Here’s a nice video of ScanLab-group with Benjamin Bratton and Jordan Crandall (UCSD) talking about design, sensors and sensing. In the discussion, the issues of design are connected to the wider theme of the mechanical image and how visual culture is changing in the age of new visual techniques, such as (3D) scanning. The panel is part of an exhibition also we at WSA collaborated in curating, on Autonomous Sensing!
We are happy to announce that the AHRC has granted funding for our Internet of Cultural Things (IoCT) project, a one year research partnership between Kings College London, Winchester School of Art (University of Southampton), and the British Library.
The project examines the cultural dimensions of data via the born-digital material generated by the British Library, ranging from items ingested to reading room occupancy to catalogue searches. Through practice-informed research we engage this otherwise hidden cultural data, and hold a series of pop-up installations to make it visible and interfaced with the public to think through our data interconnectedness. By focusing on cultural institutions, we can move beyond the integrated operating system of the ‘Internet of Things’ and its purported productivity gains, efficiencies. Instead, we will use critical creative practice to rethink cultural institutions as living organism of data that is both dynamic and recursive. We propose the IoCT as a concept to discuss this new situation of digital data and cultural institutions.
The project starts in September 2015, and is led by Dr Mark Cote (KCL) as the PI and Prof Jussi Parikka (WSA/Southampton) as the CO-I with partners from the British Library (Jamie Andrews) and collaborating with the artist Dr Richard Wright (London).
So this is a sort of an announcement: I was happy to receive my first copy of A Geology of Media during my visit to UNSW in Sydney. In other words, the book is now more or less out – a bit ahead of schedule and gradually available in online and offline bookshops, and of course in different e-formats (Kindle, epub, etc) already!
The earlier published little e-booklet The Anthrobscene was a short preview single of this main book that is also now out!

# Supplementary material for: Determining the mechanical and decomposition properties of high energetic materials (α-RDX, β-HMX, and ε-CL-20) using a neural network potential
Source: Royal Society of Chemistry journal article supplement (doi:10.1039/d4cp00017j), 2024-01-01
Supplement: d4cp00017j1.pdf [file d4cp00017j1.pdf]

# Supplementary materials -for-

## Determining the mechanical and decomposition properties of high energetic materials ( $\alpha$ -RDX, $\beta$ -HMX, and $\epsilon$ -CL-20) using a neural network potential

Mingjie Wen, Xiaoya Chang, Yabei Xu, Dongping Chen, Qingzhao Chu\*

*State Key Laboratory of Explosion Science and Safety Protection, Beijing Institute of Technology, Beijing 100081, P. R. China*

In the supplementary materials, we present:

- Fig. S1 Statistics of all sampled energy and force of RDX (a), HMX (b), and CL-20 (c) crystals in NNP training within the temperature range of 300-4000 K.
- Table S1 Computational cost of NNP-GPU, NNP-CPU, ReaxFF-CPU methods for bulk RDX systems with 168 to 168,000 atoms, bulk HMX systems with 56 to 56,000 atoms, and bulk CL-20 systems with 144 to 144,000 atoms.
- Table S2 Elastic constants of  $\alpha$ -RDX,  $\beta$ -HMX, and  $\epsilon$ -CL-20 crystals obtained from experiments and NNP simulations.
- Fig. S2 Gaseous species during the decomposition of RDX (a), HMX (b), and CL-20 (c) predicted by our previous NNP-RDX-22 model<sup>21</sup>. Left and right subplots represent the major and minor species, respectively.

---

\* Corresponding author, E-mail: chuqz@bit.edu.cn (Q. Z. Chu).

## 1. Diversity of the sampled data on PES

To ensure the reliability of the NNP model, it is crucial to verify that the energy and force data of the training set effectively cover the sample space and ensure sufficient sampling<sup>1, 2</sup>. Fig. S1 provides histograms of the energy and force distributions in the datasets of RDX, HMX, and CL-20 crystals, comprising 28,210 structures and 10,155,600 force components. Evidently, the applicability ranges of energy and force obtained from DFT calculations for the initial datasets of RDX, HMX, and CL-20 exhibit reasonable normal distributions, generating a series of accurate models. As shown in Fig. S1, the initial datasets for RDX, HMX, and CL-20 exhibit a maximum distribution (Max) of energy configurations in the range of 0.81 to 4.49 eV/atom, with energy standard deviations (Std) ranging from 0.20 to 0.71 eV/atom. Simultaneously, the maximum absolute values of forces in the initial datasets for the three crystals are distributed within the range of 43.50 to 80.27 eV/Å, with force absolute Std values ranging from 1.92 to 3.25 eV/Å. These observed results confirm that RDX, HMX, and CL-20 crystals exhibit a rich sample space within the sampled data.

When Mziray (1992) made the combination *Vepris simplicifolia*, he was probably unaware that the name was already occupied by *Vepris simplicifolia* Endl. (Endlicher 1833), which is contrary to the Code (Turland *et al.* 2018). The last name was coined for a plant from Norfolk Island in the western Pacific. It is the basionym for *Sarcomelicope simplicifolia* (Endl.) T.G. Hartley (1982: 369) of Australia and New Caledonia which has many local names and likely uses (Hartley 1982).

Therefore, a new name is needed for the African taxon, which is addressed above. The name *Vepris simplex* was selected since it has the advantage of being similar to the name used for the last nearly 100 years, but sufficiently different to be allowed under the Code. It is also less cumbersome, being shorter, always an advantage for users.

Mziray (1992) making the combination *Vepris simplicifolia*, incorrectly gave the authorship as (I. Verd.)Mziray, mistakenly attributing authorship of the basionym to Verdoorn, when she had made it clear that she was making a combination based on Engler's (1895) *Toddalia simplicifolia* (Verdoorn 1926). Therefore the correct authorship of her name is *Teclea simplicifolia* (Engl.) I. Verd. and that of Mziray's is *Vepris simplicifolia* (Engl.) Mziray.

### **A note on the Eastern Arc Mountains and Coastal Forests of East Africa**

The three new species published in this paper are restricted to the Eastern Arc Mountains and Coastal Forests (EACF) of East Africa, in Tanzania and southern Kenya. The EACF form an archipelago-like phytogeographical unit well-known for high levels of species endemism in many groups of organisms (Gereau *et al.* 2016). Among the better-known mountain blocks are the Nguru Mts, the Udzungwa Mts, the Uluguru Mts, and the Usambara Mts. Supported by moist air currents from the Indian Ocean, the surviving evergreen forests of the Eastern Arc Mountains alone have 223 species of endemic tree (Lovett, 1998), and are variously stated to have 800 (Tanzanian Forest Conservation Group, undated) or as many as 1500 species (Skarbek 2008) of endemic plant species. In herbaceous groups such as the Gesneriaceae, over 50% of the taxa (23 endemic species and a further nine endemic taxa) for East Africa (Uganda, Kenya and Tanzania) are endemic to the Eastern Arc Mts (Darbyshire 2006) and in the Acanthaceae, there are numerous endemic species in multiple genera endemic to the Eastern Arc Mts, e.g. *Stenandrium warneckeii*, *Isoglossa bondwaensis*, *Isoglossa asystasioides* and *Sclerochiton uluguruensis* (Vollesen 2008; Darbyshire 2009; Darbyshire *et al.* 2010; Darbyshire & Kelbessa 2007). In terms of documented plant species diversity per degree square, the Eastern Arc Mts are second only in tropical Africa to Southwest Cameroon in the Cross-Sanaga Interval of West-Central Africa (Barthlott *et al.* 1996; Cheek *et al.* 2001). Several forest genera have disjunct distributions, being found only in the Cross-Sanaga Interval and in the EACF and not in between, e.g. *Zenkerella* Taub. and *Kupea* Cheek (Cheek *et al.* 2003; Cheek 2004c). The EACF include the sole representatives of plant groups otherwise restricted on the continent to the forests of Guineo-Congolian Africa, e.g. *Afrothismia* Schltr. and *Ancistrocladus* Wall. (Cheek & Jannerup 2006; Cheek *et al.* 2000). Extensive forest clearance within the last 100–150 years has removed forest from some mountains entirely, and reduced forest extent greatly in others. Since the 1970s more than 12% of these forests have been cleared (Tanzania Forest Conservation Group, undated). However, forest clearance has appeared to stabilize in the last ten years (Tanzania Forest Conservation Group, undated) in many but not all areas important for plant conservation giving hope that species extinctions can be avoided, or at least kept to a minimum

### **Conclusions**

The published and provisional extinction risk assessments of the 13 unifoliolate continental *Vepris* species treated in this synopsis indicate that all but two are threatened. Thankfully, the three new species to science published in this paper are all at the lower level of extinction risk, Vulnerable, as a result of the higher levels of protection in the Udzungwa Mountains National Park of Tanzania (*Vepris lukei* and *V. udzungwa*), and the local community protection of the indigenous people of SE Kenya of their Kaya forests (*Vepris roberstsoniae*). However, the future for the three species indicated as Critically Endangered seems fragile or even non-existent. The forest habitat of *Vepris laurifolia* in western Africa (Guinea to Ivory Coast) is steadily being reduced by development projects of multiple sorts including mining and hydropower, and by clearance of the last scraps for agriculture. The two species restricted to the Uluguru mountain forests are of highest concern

My talk in Sydney was the first “book talk” after the book is actually out, and it will be followed by several more during the Spring. The talks are primarily in Europe, and some launch celebrations are planned for May in Winchester (at WSA), and also London, Vienna, Utrecht and Stockholm. More details of dates and places to follow.
Please find below the official release text with information on how to obtain a review copy! Please spread the word to people who might be interested and consider asking your university library to order a copy.
A sweeping new ecological take on technology
A GEOLOGY OF MEDIA
By Jussi Parikka
University of Minnesota Press l 224 pages l April 2015
ISBN 978-0-8166-9552-2 | paperback | $24.95
ISBN 978-0-8166-9551-5 | hard cover | $87.50
Electronic Mediations, Volume 46
Media history is millions, even billions, of years old. That is the premise of Jussi Parikka’s pioneering and provocative book, A Geology of Media, which argues that to adequately understand contemporary media culture we must set out from material realities that precede media themselves – Earth’s history, geological formations, minerals, and energy.
PRAISE FOR A GEOLOGY OF MEDIA:
“Jussi Parikka’s A Geology of Media really expands what media theory can do. The materiality of media is no longer restricted to questions of economies of technics but extends all the way to its molecular composition. It connects the fast calculations of digital time to the deepest of temporalities, that of the earth itself. An essential contribution to a media theory for the Anthropocene.”—McKenzie Wark, author of Molecular Red
“A Geology of Media does not complete or close down an area of research, but rather opens one up. This book is vital to any continuing consideration of media today.”
— Steven Shaviro, author of The Universe of Things: On Speculative Realism
ABOUT THE AUTHOR:
Jussi Parikka is professor in technological culture and aesthetics at Winchester School of Art, University of Southampton. He is the author of Insect Media (Minnesota, 2010), Digital Contagions, and What is Media Archaeology?
For more information, including the table of contents, visit the book’s webpage: